“Designing the design process: Rem Koolhaas and OMA” - Sjors Timmers at London IA

Martin Belam by Martin Belam, 23 January 2012

Last week’s London IA was on the day of the SOPA protest Wikipedia blackout, but Sjors Timmer joked that fortunately he had already downloaded the page on Rem Koolhaas to get the biographical details he needed for his talk.

“Designing the design process” was Sjors’ attempt to understand how Koolhaas could have been at the top of his game as a writer and an architect and founding partner of OMA for over thirty years. Sjors identified five parts of the process. Observation in the field leading to work in the studio, which generated models, which lived in an archive and were documented by books.

The archive and book production loom large in a study of Koolhaas’ OMA. During the course of designing a building, many models are made. These are a physical way of storing ideas. Clients don’t have to consult a large document to see what is proposed, because the models capture materials and colours as well as shape. Nothing is meant to be thrown away. OMA maintain a vast archive of their models, and so can very quickly re-visit the ideas that were generated during any particular project.

Sjors was interested how the classic design process of creating lots of potential solutions, iterating the promising ones, and then narrowing them down to a final candidate, had been twisted by OMA. He saw loops where the research was both the beginning and the end of a project - for example a book might be made at the conclusion of a project, or some projects might be commissioned because Koolhaas had already written about the architectural landscape of the area.

In fact OMA’s documentation has itself been the subject of an art project - the “OMA book machine” - which bound and compressed all of the output into one super-massive display.

OMA book project

The “OMA book machine”

The OMA process seeks to avoid making decisions based on luck, randomness or who happens to have been longer in the business. A fresh approach is also valued. Partner Victor van der Chijs says:

“We want to refresh and renew our organisation on a permanent basis. We really want every year at least 25 percent of our people to be new. And we want them to be young, bright people. The idea [is] ... that we really need those people to feed in new ideas, make sure that OMA stays relevant and really understands what is going on.”

Ben Bashford asked if they took much account of feedback once the buildings were “lived in” - and Sjors pointed out a video he’d seen at the OMA/Progress at Barbican which interviews the housekeeper of a building the company designed. In in, she is bitterly complaining about the number of leaks in the house and that it is difficult to clean.

The archive was one of most fascinating things to me. The Netherlands Architecture Institute apparently sent an archivist to OMA to catalogue their archive, with a view to purchasing it and preserving it - instead the company hired the archivist once he had completed his study. I asked Sjors how he thought we could replicate this digitally - to have all our ideas on permanent display to recall at a glance. One person I spoke to afterwards suggested “metadata” was the answer - but I don’t think that comes close to answering how we could almost effortlessly browse through decades of our preserved ideas.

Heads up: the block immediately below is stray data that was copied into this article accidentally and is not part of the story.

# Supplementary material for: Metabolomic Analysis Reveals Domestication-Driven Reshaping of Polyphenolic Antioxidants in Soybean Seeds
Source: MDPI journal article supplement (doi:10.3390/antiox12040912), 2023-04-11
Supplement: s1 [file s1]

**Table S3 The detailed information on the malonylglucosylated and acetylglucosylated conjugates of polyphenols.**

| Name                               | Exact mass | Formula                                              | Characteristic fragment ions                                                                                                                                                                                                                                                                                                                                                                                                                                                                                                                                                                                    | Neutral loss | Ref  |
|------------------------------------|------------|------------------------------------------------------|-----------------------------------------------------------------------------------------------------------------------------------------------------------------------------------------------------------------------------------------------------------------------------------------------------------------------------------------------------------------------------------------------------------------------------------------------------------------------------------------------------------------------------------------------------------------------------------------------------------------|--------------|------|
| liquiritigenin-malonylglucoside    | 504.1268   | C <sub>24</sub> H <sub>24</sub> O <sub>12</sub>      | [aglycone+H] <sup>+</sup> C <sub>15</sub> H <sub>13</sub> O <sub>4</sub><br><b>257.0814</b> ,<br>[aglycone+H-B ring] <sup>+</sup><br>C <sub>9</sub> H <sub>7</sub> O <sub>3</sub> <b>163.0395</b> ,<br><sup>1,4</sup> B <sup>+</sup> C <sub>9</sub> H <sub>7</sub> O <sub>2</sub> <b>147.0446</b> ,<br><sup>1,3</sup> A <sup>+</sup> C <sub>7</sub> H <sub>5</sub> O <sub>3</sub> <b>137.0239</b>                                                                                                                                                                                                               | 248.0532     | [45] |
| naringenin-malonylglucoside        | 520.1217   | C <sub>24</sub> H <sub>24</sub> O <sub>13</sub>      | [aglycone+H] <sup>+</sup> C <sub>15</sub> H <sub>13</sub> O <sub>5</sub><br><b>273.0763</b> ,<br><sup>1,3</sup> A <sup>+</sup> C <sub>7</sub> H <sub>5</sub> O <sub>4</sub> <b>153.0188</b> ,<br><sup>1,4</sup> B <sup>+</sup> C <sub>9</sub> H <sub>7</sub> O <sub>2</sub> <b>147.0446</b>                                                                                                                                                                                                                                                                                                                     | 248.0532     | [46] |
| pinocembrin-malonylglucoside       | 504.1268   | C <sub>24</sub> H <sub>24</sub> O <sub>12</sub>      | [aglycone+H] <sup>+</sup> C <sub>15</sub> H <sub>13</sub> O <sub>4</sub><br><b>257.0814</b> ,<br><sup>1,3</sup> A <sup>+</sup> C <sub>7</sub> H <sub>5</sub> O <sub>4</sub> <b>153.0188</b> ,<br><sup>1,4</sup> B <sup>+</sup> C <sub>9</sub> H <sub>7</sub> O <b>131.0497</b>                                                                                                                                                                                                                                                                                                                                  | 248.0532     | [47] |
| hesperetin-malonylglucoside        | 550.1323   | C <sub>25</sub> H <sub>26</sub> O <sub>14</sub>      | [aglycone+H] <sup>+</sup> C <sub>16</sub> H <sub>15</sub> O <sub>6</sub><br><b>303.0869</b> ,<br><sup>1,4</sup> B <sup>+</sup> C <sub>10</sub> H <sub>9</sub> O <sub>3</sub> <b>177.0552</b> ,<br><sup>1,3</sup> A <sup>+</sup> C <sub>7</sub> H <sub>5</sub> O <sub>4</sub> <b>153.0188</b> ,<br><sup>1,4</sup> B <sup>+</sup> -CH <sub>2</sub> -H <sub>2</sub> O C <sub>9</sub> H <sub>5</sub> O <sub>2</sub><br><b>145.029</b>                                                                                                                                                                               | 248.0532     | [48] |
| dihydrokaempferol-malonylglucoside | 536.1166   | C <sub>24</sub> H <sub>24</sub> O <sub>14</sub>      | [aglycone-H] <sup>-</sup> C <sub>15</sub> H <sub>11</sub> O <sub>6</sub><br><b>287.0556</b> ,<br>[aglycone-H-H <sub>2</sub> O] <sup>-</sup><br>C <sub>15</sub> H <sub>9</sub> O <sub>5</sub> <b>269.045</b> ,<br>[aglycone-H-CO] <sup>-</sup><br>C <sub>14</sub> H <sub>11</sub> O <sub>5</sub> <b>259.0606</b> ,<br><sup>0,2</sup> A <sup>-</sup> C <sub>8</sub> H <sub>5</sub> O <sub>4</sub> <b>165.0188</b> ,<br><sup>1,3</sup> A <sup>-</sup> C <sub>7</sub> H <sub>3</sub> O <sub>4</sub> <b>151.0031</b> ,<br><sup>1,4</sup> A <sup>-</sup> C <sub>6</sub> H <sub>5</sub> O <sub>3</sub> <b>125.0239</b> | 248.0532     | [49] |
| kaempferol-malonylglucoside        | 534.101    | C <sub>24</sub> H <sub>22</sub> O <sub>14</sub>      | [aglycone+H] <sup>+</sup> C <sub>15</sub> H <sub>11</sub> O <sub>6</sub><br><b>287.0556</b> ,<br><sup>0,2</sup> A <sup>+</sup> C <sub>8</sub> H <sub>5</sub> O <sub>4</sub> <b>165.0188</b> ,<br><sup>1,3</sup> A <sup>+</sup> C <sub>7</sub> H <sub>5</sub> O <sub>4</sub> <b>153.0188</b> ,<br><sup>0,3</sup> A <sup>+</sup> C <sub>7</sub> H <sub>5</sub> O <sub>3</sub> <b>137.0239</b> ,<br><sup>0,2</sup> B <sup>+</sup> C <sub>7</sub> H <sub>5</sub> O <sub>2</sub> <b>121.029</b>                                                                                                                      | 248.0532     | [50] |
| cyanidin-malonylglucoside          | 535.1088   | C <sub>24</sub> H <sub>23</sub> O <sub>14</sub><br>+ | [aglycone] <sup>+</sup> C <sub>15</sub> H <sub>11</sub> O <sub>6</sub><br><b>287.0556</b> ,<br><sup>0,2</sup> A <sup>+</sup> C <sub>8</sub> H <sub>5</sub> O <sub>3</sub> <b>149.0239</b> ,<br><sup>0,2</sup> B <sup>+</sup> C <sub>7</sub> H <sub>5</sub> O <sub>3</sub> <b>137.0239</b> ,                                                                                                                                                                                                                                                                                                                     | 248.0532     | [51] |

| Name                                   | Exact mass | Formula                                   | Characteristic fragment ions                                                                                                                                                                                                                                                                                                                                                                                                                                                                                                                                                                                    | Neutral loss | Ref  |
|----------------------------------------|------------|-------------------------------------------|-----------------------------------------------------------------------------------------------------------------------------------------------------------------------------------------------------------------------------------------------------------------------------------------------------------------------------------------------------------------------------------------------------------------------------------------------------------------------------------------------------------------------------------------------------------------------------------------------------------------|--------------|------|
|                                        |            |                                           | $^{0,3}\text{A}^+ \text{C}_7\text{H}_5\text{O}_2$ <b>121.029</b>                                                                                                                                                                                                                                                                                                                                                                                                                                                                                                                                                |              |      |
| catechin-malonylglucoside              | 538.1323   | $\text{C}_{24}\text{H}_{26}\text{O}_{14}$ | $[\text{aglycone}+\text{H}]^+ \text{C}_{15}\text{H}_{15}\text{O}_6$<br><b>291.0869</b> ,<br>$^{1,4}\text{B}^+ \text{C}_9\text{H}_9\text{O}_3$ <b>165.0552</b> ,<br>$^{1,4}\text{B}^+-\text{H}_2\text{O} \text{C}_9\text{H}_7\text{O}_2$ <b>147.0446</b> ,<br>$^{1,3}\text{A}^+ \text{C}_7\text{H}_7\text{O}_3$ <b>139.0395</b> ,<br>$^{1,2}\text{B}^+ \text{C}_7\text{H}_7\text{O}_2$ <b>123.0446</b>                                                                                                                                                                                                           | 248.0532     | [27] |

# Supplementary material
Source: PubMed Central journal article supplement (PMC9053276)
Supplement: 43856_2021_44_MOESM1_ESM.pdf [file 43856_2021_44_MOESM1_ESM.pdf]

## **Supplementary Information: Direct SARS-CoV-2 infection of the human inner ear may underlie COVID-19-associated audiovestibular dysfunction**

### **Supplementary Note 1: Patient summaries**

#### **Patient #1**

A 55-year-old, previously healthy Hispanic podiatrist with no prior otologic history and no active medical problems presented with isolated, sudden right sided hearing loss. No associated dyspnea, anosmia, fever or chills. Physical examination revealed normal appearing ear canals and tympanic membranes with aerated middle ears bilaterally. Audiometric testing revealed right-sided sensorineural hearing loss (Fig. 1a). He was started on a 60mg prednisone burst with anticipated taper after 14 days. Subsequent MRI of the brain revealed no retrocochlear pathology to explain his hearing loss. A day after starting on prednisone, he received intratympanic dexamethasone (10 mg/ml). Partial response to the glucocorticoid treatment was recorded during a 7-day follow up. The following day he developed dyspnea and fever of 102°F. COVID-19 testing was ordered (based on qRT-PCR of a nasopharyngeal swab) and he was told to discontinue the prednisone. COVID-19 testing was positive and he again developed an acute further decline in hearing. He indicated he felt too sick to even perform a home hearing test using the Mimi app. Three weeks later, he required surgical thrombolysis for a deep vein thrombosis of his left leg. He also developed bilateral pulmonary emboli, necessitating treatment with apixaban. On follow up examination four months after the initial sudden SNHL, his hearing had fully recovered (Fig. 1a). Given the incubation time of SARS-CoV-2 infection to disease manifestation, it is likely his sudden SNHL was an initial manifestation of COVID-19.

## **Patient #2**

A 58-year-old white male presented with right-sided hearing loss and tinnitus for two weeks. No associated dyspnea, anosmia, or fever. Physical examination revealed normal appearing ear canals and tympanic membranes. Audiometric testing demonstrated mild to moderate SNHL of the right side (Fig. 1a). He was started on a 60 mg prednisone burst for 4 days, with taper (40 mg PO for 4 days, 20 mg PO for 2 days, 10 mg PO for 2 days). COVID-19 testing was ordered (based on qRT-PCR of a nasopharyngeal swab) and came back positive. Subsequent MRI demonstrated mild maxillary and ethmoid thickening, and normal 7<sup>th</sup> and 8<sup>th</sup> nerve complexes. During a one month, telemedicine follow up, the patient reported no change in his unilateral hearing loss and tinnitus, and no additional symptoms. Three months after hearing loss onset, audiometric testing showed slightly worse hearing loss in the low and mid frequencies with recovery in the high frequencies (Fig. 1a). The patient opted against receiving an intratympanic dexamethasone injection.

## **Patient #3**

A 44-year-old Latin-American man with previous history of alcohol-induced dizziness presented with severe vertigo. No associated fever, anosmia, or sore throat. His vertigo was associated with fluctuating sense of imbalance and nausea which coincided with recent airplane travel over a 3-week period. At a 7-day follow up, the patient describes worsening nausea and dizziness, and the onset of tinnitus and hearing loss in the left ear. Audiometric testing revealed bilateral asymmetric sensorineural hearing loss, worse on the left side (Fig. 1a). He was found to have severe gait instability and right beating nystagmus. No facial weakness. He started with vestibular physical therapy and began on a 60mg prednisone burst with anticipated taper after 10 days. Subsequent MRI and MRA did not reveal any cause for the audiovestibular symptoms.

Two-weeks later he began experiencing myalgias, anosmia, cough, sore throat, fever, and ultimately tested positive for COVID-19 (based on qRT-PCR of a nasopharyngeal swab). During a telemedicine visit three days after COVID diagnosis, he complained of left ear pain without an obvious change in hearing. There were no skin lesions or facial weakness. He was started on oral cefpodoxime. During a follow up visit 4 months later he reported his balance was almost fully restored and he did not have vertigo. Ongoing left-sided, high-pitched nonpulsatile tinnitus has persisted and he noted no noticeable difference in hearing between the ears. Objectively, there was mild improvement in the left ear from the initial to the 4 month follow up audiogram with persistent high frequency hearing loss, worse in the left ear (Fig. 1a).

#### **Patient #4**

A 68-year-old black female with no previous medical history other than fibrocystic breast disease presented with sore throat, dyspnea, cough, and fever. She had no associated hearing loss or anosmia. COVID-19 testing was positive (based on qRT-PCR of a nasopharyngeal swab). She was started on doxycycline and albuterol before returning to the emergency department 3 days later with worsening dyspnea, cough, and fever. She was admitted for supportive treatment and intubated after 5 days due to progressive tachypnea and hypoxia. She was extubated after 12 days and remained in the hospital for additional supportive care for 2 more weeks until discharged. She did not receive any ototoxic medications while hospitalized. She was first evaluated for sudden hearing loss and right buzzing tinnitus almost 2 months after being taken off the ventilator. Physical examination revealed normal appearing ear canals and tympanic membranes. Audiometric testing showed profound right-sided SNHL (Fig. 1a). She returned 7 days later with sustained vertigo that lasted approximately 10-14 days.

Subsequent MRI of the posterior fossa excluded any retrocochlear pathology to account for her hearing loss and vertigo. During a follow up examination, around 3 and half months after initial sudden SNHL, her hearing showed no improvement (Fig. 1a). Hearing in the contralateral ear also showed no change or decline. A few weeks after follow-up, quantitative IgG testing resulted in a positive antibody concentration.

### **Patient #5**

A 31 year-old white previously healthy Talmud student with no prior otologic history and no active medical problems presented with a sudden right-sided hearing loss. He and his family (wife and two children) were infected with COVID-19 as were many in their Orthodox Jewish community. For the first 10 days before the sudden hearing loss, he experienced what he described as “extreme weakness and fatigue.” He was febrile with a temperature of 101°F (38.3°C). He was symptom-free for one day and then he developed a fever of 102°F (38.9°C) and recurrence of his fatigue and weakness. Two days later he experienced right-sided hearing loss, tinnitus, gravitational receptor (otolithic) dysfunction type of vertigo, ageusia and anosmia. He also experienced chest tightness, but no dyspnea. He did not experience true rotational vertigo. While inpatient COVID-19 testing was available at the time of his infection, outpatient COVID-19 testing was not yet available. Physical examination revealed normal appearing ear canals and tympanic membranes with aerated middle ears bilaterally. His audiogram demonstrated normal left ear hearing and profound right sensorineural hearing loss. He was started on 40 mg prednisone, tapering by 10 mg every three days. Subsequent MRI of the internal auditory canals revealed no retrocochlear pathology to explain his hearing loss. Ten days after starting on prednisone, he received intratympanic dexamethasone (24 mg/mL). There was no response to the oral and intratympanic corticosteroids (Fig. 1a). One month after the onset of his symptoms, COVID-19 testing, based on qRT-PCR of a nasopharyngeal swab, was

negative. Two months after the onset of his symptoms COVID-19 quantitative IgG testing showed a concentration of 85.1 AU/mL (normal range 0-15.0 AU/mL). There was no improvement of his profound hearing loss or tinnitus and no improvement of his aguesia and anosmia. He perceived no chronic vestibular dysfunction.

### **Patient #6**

Sjors has published his slides: “Rem Koolhaas – designing the design process

“OMA/Progress” at the Barbican

Inspired by Sjors’ talk I went to Barbican to see the OMA exhibition at the weekend. For a subject matter that deals with something as large-scale as buildings, it has an immense amount of micro-detail in it. The most striking exhibit is a display of 3.4 million images harvested from the company servers, which are displayed in a constant blur. Even with the rapidly changing image, it takes 48 hours to loop around the lot of them.

Emma at the Barbican OMA exhibtion

My daughter mesmerised by the OMA photo archive exhibit

OMA/Progress is on at the Barbican Art Gallery until February 19th.

Next...

The second talk at last week’s London IA night was from Alexander Baxevanis speaking “In praise of side projects”. I’ll have my notes from that soon.

London IA: Notes from the talks
Martin Belam, foreword by Ann McMeekin Carrier
London IA is a network of designers, information architects and thinkers. Since 2009 the group has been holding regular meetings featuring talks about UX, or of interest to UXers. This ebook is a compilation of my notes from those evenings, featuring talks by Andy Budd, Giles Colborne, Cennydd Bowles, Claire Rowland, Jason Mesut, Ben Bashford, Chris Heathcote, Dan Lockton, Relly Annett-Baker, Michael Blastland, Margaret Hanley and Richard Rutter amongst others. Topics covered range from ubicomp to psychology, from learning how to sketchnote to how to write a UX book, and how to improve digital design through diverse routes like copy-writing, designing for doubt, learning from music technology or taking care of typography.
London IA: Notes from the talks is available for Kindle for £2.47.

1 Comment

I did some digging around for the video with the cleaner, it's called houselife: there's one crappy youtube outtake I could find.

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